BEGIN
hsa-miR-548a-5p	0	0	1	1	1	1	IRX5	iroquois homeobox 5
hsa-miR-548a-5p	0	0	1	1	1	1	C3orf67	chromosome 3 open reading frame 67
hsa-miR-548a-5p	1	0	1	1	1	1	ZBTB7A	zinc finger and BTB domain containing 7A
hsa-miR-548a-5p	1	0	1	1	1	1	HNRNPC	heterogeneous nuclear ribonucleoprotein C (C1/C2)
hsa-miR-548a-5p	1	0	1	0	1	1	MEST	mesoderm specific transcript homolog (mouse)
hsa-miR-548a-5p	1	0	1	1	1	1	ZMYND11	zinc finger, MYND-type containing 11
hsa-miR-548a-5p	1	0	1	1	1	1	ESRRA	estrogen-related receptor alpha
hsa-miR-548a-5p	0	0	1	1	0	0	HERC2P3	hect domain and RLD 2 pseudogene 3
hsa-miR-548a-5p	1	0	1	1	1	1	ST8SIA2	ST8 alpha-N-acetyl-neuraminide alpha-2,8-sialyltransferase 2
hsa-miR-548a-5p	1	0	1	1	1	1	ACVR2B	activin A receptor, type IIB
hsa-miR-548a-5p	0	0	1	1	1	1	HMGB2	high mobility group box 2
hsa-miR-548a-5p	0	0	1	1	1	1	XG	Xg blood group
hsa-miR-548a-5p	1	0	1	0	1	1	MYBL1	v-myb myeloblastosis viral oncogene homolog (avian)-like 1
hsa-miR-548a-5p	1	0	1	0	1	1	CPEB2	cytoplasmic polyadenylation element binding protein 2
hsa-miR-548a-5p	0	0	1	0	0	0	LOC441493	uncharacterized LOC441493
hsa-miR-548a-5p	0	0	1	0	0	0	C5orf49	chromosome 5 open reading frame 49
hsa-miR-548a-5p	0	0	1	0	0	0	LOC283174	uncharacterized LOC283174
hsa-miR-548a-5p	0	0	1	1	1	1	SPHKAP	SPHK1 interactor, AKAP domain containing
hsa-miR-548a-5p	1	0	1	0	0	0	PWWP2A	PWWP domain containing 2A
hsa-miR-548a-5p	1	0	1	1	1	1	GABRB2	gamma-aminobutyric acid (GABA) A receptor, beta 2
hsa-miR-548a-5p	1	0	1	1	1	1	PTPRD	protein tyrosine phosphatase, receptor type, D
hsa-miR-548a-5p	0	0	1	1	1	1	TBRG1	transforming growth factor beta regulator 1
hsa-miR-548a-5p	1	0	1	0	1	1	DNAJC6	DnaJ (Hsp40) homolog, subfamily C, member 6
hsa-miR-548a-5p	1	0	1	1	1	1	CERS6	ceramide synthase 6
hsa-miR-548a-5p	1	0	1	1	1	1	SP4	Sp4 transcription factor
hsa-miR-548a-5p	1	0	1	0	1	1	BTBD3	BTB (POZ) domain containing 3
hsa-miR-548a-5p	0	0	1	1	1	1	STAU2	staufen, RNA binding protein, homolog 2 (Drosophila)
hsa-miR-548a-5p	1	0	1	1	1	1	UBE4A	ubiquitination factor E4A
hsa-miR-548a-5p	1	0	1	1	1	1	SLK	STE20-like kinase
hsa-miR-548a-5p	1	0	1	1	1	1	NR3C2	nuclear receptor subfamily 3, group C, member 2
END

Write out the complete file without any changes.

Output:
hsa-miR-548a-5p	0	0	1	1	1	1	IRX5	iroquois homeobox 5
hsa-miR-548a-5p	0	0	1	1	1	1	C3orf67	chromosome 3 open reading frame 67
hsa-miR-548a-5p	1	0	1	1	1	1	ZBTB7A	zinc finger and BTB domain containing 7A
hsa-miR-548a-5p	1	0	1	1	1	1	HNRNPC	heterogeneous nuclear ribonucleoprotein C (C1/C2)
hsa-miR-548a-5p	1	0	1	0	1	1	MEST	mesoderm specific transcript homolog (mouse)
hsa-miR-548a-5p	1	0	1	1	1	1	ZMYND11	zinc finger, MYND-type containing 11
hsa-miR-548a-5p	1	0	1	1	1	1	ESRRA	estrogen-related receptor alpha
hsa-miR-548a-5p	0	0	1	1	0	0	HERC2P3	hect domain and RLD 2 pseudogene 3
hsa-miR-548a-5p	1	0	1	1	1	1	ST8SIA2	ST8 alpha-N-acetyl-neuraminide alpha-2,8-sialyltransferase 2
hsa-miR-548a-5p	1	0	1	1	1	1	ACVR2B	activin A receptor, type IIB
hsa-miR-548a-5p	0	0	1	1	1	1	HMGB2	high mobility group box 2
hsa-miR-548a-5p	0	0	1	1	1	1	XG	Xg blood group
hsa-miR-548a-5p	1	0	1	0	1	1	MYBL1	v-myb myeloblastosis viral oncogene homolog (avian)-like 1
hsa-miR-548a-5p	1	0	1	0	1	1	CPEB2	cytoplasmic polyadenylation element binding protein 2
hsa-miR-548a-5p	0	0	1	0	0	0	LOC441493	uncharacterized LOC441493
hsa-miR-548a-5p	0	0	1	0	0	0	C5orf49	chromosome 5 open reading frame 49
hsa-miR-548a-5p	0	0	1	0	0	0	LOC283174	uncharacterized LOC283174
hsa-miR-548a-5p	0	0	1	1	1	1	SPHKAP	SPHK1 interactor, AKAP domain containing
hsa-miR-548a-5p	1	0	1	0	0	0	PWWP2A	PWWP domain containing 2A
hsa-miR-548a-5p	1	0	1	1	1	1	GABRB2	gamma-aminobutyric acid (GABA) A receptor, beta 2
hsa-miR-548a-5p	1	0	1	1	1	1	PTPRD	protein tyrosine phosphatase, receptor type, D
hsa-miR-548a-5p	0	0	1	1	1	1	TBRG1	transforming growth factor beta regulator 1
hsa-miR-548a-5p	1	0	1	0	1	1	DNAJC6	DnaJ (Hsp40) homolog, subfamily C, member 6
hsa-miR-548a-5p	1	0	1	1	1	1	CERS6	ceramide synthase 6
hsa-miR-548a-5p	1	0	1	1	1	1	SP4	Sp4 transcription factor
hsa-miR-548a-5p	1	0	1	0	1	1	BTBD3	BTB (POZ) domain containing 3
hsa-miR-548a-5p	0	0	1	1	1	1	STAU2	staufen, RNA binding protein, homolog 2 (Drosophila)
hsa-miR-548a-5p	1	0	1	1	1	1	UBE4A	ubiquitination factor E4A
hsa-miR-548a-5p	1	0	1	1	1	1	SLK	STE20-like kinase
hsa-miR-548a-5p	1	0	1	1	1	1	NR3C2	nuclear receptor subfamily 3, group C, member 2